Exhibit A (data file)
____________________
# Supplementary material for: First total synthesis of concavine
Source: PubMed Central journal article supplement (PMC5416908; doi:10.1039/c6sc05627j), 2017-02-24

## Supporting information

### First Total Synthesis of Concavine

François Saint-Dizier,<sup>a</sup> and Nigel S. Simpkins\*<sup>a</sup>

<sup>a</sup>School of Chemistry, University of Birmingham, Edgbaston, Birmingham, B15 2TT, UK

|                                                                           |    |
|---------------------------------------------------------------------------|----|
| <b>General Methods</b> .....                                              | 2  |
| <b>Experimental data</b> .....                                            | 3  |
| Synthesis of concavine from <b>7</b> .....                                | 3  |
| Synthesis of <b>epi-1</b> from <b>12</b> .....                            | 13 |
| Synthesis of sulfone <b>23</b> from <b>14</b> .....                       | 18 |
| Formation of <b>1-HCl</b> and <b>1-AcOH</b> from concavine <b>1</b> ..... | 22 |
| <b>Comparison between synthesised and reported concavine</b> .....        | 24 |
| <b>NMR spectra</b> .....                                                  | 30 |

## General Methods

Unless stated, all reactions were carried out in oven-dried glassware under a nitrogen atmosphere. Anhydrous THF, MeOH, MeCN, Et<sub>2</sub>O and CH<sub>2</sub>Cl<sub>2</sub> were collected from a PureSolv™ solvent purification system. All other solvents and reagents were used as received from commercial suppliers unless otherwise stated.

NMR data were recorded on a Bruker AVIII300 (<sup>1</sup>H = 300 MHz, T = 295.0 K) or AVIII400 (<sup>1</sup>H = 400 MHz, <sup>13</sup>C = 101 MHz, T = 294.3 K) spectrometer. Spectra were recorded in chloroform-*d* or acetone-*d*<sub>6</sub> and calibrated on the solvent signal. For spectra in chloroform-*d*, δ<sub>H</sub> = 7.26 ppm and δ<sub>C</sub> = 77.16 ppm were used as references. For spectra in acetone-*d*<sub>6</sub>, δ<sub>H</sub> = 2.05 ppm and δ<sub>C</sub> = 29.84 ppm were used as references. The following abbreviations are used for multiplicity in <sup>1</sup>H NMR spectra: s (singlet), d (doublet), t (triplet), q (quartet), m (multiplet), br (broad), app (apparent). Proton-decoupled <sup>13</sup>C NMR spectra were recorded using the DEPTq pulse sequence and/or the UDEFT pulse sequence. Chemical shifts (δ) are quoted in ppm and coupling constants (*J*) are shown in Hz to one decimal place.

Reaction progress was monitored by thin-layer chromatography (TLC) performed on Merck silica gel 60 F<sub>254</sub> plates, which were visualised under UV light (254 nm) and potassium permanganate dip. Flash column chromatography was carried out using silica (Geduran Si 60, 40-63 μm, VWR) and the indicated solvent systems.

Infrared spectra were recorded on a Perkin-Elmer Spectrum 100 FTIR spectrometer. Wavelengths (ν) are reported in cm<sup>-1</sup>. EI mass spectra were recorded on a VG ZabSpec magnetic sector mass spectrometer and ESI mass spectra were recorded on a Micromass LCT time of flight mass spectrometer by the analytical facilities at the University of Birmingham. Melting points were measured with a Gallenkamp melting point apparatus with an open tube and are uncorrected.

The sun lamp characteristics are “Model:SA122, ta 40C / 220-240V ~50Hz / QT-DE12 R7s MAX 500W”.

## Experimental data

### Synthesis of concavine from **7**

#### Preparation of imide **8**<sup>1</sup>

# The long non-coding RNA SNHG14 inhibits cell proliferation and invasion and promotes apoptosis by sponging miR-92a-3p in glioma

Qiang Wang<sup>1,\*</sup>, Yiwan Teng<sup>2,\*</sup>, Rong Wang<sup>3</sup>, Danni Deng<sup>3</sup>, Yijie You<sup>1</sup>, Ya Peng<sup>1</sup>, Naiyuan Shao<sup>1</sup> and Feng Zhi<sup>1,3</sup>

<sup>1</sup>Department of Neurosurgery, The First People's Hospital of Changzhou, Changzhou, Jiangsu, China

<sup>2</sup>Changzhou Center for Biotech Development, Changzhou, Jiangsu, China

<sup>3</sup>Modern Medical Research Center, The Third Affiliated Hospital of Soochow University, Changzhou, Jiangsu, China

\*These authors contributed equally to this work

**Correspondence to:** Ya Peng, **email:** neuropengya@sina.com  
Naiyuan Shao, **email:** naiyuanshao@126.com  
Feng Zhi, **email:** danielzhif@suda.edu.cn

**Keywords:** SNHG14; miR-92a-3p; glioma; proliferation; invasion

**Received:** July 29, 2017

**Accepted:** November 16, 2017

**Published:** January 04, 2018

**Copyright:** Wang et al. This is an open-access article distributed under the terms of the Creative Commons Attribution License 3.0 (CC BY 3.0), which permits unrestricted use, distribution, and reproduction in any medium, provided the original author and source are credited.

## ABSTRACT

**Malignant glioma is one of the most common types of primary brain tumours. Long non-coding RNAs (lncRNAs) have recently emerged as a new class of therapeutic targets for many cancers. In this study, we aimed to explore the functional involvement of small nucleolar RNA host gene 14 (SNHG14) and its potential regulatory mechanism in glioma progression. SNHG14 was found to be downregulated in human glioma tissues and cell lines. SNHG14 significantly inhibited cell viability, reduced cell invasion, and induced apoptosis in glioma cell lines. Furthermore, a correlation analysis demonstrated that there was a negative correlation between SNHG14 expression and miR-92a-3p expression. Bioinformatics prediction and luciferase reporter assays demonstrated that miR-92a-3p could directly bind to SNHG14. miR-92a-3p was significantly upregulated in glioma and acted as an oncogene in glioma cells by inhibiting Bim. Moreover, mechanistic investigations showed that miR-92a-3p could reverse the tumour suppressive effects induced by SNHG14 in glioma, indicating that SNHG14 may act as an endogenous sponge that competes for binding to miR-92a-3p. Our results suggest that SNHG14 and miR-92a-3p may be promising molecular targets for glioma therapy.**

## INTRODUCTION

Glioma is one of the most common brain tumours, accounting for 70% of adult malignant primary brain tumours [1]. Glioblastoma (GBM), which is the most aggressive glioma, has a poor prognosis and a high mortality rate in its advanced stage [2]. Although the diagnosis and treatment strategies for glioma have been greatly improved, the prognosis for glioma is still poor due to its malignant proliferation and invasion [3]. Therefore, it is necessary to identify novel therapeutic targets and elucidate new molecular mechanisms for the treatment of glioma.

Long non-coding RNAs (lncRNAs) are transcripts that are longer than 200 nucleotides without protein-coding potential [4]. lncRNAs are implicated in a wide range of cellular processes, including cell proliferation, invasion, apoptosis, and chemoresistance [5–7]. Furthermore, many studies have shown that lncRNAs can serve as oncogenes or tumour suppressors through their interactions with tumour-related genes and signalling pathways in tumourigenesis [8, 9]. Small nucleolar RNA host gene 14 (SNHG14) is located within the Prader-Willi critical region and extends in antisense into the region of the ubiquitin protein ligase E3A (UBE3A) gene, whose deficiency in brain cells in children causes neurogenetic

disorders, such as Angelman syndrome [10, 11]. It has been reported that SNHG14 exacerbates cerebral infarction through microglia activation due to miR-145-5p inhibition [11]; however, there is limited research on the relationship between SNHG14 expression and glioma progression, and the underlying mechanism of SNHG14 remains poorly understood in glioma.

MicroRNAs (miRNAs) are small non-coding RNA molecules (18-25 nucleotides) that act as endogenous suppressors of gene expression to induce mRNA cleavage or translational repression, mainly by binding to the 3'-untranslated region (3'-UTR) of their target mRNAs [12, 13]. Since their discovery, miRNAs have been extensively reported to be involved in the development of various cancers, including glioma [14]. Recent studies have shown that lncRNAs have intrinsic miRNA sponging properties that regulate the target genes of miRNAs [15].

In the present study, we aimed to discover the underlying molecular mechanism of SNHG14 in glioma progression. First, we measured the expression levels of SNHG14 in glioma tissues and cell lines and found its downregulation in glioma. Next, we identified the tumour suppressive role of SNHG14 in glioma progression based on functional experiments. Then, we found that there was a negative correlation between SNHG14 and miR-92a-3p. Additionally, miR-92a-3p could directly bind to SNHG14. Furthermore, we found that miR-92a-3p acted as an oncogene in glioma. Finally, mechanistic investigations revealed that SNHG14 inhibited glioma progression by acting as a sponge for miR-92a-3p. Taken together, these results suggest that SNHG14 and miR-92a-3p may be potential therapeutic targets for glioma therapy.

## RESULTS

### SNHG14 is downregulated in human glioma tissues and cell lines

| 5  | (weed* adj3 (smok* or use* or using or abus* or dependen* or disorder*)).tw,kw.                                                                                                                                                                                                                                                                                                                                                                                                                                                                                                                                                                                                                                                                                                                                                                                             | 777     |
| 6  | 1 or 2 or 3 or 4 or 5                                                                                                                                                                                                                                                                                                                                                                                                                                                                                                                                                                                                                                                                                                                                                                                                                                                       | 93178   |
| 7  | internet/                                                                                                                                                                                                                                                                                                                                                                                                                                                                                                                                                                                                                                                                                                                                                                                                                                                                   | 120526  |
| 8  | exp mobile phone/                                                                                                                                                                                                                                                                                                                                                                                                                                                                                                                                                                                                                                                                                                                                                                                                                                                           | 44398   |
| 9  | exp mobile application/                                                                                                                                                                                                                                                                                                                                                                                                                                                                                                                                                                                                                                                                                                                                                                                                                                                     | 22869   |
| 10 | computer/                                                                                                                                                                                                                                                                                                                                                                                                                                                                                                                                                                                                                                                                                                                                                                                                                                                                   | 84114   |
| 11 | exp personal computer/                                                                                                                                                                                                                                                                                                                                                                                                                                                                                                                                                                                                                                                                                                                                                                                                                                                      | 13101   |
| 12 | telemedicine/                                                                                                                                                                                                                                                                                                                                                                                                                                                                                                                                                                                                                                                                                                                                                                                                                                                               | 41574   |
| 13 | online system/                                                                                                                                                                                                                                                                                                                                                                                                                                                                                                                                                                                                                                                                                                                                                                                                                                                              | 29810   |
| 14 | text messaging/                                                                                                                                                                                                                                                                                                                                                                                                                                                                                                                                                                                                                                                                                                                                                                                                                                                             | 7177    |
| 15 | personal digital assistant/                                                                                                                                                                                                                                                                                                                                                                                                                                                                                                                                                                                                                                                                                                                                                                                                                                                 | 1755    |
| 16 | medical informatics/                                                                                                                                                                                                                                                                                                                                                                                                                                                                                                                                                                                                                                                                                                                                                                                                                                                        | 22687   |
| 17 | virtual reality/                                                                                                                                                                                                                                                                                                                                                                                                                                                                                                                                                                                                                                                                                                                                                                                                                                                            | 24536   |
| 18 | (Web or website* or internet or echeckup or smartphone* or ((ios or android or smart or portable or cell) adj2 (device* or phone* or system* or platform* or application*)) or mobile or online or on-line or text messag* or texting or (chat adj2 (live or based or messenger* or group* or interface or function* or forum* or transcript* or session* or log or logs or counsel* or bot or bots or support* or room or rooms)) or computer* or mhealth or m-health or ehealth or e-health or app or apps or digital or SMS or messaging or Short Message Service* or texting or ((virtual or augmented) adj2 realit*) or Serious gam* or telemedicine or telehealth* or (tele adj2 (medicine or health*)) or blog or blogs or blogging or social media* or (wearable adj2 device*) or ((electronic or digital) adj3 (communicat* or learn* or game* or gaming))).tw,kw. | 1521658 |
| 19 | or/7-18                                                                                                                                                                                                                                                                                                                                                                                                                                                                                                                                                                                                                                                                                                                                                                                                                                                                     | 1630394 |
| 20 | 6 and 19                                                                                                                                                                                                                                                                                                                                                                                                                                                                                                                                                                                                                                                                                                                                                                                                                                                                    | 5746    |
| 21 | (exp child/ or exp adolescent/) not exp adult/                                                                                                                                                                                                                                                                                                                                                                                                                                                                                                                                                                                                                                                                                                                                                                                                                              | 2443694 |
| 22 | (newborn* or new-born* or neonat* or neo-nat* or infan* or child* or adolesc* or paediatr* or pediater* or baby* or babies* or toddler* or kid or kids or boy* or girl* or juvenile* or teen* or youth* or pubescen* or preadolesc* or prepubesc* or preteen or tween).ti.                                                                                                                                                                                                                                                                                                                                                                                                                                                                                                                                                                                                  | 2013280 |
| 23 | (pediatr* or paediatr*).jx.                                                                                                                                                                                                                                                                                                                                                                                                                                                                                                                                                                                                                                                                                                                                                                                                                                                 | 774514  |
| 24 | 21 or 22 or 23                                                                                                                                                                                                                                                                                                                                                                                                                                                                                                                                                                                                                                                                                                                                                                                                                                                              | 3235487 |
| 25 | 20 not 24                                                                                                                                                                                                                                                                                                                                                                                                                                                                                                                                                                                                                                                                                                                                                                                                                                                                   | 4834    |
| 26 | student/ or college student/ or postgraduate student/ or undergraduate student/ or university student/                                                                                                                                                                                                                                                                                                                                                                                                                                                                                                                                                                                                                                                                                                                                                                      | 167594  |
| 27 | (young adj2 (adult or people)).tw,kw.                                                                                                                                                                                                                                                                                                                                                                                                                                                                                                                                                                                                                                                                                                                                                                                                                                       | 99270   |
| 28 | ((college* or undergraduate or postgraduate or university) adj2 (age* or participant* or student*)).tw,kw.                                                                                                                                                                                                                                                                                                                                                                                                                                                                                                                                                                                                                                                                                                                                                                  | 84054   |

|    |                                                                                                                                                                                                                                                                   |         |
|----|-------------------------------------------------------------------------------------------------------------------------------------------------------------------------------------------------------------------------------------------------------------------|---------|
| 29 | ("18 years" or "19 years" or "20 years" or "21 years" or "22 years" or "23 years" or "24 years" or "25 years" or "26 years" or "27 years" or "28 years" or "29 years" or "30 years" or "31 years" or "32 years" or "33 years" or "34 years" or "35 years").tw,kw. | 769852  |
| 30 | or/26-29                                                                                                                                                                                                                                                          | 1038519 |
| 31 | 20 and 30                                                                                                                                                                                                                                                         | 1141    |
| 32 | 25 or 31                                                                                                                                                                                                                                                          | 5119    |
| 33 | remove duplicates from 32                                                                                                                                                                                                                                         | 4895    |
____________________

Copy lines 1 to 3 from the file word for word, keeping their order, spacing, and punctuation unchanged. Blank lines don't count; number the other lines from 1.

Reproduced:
# Supplementary material for: First total synthesis of concavine
Source: PubMed Central journal article supplement (PMC5416908; doi:10.1039/c6sc05627j), 2017-02-24

## Supporting information